Homebrew NMS: Keep a Database of Network Assets

Charlie Schluting

Our previous installment explained how to glean data from SNMP-capable devices using Perl’s Net::SNMP module. Now it’s time to do something useful: store this data in a database.

Over time, we find it necessary to gather more and more information. An NMS solution may be able to store data in its internal database, but sometimes we need to combine many data sources in a single place. For example, it’s extremely useful to grab Layer 2 discovery data and place it into a “host database,” which will contain much more information than your discovery application provides. A few top-of-the-head examples are: owner information, serial number, related ticket numbers from your trouble ticketing system, physical location, and much, much more.

We’ll get into the details of one proposed database layout in a future article, which will provide more concrete examples of using externally gathered data to enable successful executions of IT processes.

Let’s take a look at how data can be manipulated in a database. Using Perl’s DBD:Pg module, we can access a PostgreSQL database easily. MySQL will work fine too; this is just an example. There are many aspects to DBD::Pg that aren’t covered here, so be sure to read the documentation for further details.

The overall concept of DBD::Pg is best expressed in steps:

  • Define database name, host name of the database server, and your username and password
  • Connect to the database
  • Execute queries: insert new data, retrieve existing data, or delete data

So let’s see this in action. The following example connects to a PostgreSQL database and executes a simple “SELECT” query. Here’s the connection part:

The above code sets some useful variables, and then crafts the arguments required by the connect() method. The $dbh variable is a handle returned by the database, and if it’s undefined or holds a negative value after the connect() call, that means the connection did not succeed.

At this point we simply need to use the handle returned by DBI->connect() to execute queries. First, a database statement must be “prepared.” If, for example, you needed to execute the same query over and over, you would execute() the query in a loop, but with different variables each time. A performance enhancement, prepare(), with a question mark placeholder, allows you to avoid sending the entire query over and over. Instead, it will send only the new arguments for every subsequent execute() call. We aren’t using substitution in the following example, but you need to be aware of the real purpose of prepare().

The above code should execute the SELECT query it as commanded to run and print the results. It is quite straightforward after reading the DBD::Pg documents, but there are a few things to point out. The $errstr variable is always available, and should be printed if any call to a DBD function fails. This means that you need to check the return value for every function call, obviously. The fetchrow_array object will return an array containing the data returned from the database. It may be wise to check that only one result was returned!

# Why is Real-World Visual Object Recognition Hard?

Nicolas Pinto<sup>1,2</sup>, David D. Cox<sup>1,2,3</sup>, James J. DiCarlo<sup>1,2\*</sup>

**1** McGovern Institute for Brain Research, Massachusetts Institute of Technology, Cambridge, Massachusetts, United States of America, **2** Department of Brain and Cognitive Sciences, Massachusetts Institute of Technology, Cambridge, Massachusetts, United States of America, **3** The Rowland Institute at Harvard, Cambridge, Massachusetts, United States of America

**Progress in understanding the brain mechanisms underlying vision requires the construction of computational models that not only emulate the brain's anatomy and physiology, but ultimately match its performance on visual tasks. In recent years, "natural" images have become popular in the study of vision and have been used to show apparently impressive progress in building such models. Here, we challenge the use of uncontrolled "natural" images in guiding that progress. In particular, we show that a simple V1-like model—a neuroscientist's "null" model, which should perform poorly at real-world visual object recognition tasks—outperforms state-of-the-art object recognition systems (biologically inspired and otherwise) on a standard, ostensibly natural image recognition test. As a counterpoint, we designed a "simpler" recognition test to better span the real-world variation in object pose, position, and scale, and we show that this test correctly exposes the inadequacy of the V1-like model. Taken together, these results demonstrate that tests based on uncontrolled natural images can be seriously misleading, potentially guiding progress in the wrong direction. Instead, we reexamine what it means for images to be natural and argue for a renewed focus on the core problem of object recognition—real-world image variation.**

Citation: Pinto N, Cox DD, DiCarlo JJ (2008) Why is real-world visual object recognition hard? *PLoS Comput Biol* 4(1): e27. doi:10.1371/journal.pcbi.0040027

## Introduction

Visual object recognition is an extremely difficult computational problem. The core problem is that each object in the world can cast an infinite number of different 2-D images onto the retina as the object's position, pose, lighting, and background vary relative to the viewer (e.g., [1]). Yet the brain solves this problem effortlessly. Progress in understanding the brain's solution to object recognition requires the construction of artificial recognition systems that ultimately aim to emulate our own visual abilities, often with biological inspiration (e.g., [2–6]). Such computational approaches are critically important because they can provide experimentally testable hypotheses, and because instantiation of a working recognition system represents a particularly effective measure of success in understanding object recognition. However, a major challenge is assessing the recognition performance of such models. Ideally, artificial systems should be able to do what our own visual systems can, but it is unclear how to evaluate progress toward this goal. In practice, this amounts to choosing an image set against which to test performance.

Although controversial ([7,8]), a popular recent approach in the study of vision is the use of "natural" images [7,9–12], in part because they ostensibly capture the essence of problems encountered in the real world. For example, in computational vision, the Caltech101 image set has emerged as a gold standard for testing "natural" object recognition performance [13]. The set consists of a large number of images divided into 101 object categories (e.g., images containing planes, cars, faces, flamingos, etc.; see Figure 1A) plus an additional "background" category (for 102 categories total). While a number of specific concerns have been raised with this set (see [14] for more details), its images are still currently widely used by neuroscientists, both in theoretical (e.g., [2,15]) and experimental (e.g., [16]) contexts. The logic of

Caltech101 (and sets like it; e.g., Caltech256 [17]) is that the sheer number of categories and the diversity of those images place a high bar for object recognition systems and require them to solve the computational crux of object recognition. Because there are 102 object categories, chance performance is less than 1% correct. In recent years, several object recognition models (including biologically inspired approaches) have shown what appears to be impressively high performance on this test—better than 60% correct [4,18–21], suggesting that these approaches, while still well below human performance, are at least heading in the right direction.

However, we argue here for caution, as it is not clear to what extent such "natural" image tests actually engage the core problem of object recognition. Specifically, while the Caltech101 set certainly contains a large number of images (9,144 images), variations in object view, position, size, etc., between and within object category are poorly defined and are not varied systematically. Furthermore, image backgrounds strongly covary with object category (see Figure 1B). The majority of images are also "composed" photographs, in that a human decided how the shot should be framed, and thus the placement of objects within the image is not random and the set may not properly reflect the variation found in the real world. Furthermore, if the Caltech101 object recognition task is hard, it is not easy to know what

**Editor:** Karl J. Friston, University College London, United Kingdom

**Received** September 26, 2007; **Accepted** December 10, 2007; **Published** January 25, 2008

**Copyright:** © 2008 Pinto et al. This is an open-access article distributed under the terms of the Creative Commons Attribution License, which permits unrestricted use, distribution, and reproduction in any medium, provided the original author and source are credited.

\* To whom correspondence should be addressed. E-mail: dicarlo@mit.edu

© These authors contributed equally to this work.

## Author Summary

Since @row is an array, it can be accessed by referencing individual indexes, like so: $row[1]. You will know the database schema beforehand, so accessing individual fields inside @row should be easy. If you’re going to be using the data frequently during processing, it is recommended that you assign each field in the array some useful variable names.

For the sake of the example, we’ll assume that we have new knowledge about a host in our database. The mythical database keeps track of switch, switchport, mac_addr, and “lastseen” (in that order). An easy way to update this information, correcting the switchport information, follows.

When processing data returned from the DB gets more complex, assigning the @row elements meaningful names save a lot of time and frustration. See how strange it gets referring to $row[number]? Referring back to the order of database elements gets quite tedious.

Inserting new data into the database is actually easier; just create some INSERT queries based on whatever data you have available.The difficult part is keeping track of what data types and fields you need to insert into a database row. I find it best to include the output of ‘d’ in PostgreSQL right in a comment in my source code, and also to name variables based on database fields.

We’ll be using the above example to show how easy it is to store, and more importantly, correlate data from multiple sources in a single authoritative database. Before zooming out to the overall IT picture, we’ll continue focusing on network-based information in the next article: managing and verifying discovery data.

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